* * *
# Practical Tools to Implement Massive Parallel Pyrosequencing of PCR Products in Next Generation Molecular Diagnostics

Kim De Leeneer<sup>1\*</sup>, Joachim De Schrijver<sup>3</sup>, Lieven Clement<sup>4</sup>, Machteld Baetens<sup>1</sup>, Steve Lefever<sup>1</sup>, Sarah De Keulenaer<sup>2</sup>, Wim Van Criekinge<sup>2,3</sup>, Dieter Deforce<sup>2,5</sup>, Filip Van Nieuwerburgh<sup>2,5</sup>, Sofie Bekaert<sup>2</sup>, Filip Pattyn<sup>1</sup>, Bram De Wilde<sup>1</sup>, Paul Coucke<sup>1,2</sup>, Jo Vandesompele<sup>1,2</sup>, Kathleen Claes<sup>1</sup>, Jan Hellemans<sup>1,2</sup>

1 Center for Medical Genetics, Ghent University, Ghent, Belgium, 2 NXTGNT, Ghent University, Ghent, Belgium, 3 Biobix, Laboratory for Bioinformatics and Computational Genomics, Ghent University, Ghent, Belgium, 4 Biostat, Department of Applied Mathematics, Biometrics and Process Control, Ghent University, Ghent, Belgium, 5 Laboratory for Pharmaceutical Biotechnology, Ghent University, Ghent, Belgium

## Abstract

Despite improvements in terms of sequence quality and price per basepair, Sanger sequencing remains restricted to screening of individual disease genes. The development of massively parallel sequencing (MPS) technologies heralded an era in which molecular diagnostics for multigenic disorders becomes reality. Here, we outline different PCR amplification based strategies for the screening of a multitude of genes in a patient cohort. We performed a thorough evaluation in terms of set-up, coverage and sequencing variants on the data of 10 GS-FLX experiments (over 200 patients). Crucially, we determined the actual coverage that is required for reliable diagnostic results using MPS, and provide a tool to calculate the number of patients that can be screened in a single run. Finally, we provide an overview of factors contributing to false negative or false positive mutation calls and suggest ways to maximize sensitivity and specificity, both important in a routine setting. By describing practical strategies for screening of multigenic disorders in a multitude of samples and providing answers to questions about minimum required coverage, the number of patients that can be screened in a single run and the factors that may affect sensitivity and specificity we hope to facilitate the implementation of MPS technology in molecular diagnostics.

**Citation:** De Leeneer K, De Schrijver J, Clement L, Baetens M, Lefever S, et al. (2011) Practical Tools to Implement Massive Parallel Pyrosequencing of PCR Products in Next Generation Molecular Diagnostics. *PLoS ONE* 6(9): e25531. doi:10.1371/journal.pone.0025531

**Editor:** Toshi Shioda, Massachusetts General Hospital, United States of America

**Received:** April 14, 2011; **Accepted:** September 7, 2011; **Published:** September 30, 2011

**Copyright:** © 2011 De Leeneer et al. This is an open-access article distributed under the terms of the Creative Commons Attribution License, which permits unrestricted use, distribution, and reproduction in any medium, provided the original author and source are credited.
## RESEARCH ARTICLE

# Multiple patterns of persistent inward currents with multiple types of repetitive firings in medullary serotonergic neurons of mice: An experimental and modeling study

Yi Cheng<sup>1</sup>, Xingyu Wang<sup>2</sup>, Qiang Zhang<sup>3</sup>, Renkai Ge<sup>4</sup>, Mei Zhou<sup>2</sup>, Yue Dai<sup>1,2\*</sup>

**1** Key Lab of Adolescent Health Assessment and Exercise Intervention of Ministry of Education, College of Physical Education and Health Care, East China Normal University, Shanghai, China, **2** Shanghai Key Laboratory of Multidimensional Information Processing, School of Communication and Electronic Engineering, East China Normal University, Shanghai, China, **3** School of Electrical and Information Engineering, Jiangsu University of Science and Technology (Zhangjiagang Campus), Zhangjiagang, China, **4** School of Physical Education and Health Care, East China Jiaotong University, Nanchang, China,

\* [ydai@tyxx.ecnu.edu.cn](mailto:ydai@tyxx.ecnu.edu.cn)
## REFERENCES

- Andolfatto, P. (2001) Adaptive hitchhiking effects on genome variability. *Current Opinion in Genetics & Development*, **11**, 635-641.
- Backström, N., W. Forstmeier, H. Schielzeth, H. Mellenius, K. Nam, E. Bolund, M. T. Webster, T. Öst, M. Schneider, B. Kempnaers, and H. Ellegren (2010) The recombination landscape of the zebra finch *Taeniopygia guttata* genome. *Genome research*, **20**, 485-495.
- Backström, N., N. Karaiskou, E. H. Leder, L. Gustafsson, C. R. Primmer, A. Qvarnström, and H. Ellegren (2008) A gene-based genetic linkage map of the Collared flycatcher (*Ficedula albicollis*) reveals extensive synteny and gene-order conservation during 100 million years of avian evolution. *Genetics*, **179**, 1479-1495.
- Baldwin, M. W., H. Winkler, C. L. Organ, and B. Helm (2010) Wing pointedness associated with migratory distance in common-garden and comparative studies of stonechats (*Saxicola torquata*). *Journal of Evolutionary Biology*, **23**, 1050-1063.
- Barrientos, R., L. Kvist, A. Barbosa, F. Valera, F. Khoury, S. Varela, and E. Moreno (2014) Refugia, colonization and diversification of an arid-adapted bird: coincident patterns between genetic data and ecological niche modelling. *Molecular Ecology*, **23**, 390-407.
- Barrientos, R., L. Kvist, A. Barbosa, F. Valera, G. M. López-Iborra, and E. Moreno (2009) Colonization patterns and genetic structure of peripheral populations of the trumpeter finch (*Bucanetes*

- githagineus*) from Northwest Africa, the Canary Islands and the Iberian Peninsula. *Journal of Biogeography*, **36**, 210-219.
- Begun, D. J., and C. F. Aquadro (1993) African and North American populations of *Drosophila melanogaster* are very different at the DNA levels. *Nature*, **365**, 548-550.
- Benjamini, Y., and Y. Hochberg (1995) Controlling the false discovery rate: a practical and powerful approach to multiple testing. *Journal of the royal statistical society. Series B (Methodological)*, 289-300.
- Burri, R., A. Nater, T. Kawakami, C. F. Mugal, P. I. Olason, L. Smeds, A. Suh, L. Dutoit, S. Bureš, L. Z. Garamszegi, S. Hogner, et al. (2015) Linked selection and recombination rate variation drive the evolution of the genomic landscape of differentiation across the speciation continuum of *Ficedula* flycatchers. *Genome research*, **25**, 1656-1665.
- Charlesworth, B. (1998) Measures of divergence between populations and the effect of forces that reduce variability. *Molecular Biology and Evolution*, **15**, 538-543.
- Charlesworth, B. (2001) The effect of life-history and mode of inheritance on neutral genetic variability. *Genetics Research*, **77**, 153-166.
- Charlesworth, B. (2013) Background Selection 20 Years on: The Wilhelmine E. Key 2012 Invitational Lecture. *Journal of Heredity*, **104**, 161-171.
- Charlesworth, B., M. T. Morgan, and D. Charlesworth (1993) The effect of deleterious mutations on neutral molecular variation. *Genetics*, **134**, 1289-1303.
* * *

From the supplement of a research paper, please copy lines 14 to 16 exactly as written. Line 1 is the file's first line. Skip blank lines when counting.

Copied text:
\* [ydai@tyxx.ecnu.edu.cn](mailto:ydai@tyxx.ecnu.edu.cn)
## REFERENCES

- Andolfatto, P. (2001) Adaptive hitchhiking effects on genome variability. *Current Opinion in Genetics & Development*, **11**, 635-641.